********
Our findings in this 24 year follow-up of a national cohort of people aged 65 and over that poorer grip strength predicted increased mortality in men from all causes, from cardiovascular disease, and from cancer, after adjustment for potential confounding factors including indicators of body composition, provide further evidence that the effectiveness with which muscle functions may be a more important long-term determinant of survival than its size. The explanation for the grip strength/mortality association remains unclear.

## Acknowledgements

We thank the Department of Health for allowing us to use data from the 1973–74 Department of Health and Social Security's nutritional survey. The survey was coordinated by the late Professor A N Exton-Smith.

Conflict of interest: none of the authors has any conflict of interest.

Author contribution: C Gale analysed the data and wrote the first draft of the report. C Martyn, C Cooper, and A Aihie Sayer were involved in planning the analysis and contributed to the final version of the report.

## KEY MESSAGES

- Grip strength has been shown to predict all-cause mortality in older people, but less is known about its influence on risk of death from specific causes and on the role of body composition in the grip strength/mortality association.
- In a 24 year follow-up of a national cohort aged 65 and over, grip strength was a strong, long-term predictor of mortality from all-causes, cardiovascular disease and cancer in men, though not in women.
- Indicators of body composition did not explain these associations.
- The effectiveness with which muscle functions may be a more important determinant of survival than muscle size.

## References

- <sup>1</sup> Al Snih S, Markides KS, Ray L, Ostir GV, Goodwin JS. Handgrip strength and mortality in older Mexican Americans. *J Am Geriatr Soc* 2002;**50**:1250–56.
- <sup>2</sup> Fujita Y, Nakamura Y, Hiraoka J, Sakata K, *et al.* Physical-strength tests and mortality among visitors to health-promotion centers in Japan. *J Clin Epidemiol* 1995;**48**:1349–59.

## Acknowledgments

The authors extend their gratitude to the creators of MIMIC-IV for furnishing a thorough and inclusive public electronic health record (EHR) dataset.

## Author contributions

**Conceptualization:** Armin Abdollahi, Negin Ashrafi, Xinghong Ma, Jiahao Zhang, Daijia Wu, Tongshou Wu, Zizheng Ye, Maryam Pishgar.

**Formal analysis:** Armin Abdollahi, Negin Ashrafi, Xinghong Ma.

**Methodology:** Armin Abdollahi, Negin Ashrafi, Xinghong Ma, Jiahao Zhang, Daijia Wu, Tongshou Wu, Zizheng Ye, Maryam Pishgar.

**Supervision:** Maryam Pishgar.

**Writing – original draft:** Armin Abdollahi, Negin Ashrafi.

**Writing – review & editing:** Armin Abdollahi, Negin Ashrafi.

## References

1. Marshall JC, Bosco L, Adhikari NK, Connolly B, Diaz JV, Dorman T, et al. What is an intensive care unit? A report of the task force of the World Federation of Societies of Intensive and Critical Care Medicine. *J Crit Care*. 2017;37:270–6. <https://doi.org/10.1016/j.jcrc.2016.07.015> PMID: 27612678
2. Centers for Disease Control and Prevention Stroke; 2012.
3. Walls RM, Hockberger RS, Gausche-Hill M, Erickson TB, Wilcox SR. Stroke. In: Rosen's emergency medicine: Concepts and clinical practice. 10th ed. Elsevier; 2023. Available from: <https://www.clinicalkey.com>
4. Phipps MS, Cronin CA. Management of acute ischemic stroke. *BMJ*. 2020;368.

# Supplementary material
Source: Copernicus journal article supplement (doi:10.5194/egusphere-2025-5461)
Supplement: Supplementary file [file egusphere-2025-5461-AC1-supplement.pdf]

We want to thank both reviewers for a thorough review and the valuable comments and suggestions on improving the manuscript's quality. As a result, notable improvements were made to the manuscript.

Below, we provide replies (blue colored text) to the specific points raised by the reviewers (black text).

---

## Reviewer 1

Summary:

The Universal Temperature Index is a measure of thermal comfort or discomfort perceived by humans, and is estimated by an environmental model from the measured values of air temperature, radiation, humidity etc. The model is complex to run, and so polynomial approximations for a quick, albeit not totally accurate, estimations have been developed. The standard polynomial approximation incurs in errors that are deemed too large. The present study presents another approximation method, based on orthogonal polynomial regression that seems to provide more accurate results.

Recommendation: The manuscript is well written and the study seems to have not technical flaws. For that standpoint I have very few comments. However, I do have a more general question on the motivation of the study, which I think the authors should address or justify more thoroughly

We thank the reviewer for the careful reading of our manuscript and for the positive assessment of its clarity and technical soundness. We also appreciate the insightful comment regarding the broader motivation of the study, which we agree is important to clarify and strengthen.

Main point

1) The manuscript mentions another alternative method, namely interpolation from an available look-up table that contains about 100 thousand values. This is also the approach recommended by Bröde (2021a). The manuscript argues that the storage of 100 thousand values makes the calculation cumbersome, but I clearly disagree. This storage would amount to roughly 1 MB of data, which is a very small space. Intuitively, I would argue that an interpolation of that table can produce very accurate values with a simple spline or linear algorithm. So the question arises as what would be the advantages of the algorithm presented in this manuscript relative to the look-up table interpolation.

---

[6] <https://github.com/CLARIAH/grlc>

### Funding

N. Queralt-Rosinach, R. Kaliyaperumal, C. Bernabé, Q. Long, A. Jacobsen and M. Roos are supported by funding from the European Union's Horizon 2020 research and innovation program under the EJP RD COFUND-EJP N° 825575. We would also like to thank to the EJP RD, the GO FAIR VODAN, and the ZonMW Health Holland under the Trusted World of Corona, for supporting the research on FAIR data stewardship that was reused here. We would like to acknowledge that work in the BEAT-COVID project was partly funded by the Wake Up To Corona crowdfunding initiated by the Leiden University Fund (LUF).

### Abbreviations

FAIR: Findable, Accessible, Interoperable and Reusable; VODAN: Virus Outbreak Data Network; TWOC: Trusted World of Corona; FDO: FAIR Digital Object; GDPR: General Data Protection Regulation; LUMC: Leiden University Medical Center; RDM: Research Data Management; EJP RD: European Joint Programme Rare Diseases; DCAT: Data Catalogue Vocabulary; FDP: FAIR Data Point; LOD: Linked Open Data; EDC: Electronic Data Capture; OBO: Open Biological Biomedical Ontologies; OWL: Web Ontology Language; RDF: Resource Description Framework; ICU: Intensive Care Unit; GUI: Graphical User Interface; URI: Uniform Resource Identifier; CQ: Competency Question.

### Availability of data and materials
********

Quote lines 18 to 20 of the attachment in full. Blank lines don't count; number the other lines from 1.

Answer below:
**Formal analysis:** Armin Abdollahi, Negin Ashrafi, Xinghong Ma.

**Methodology:** Armin Abdollahi, Negin Ashrafi, Xinghong Ma, Jiahao Zhang, Daijia Wu, Tongshou Wu, Zizheng Ye, Maryam Pishgar.

**Supervision:** Maryam Pishgar.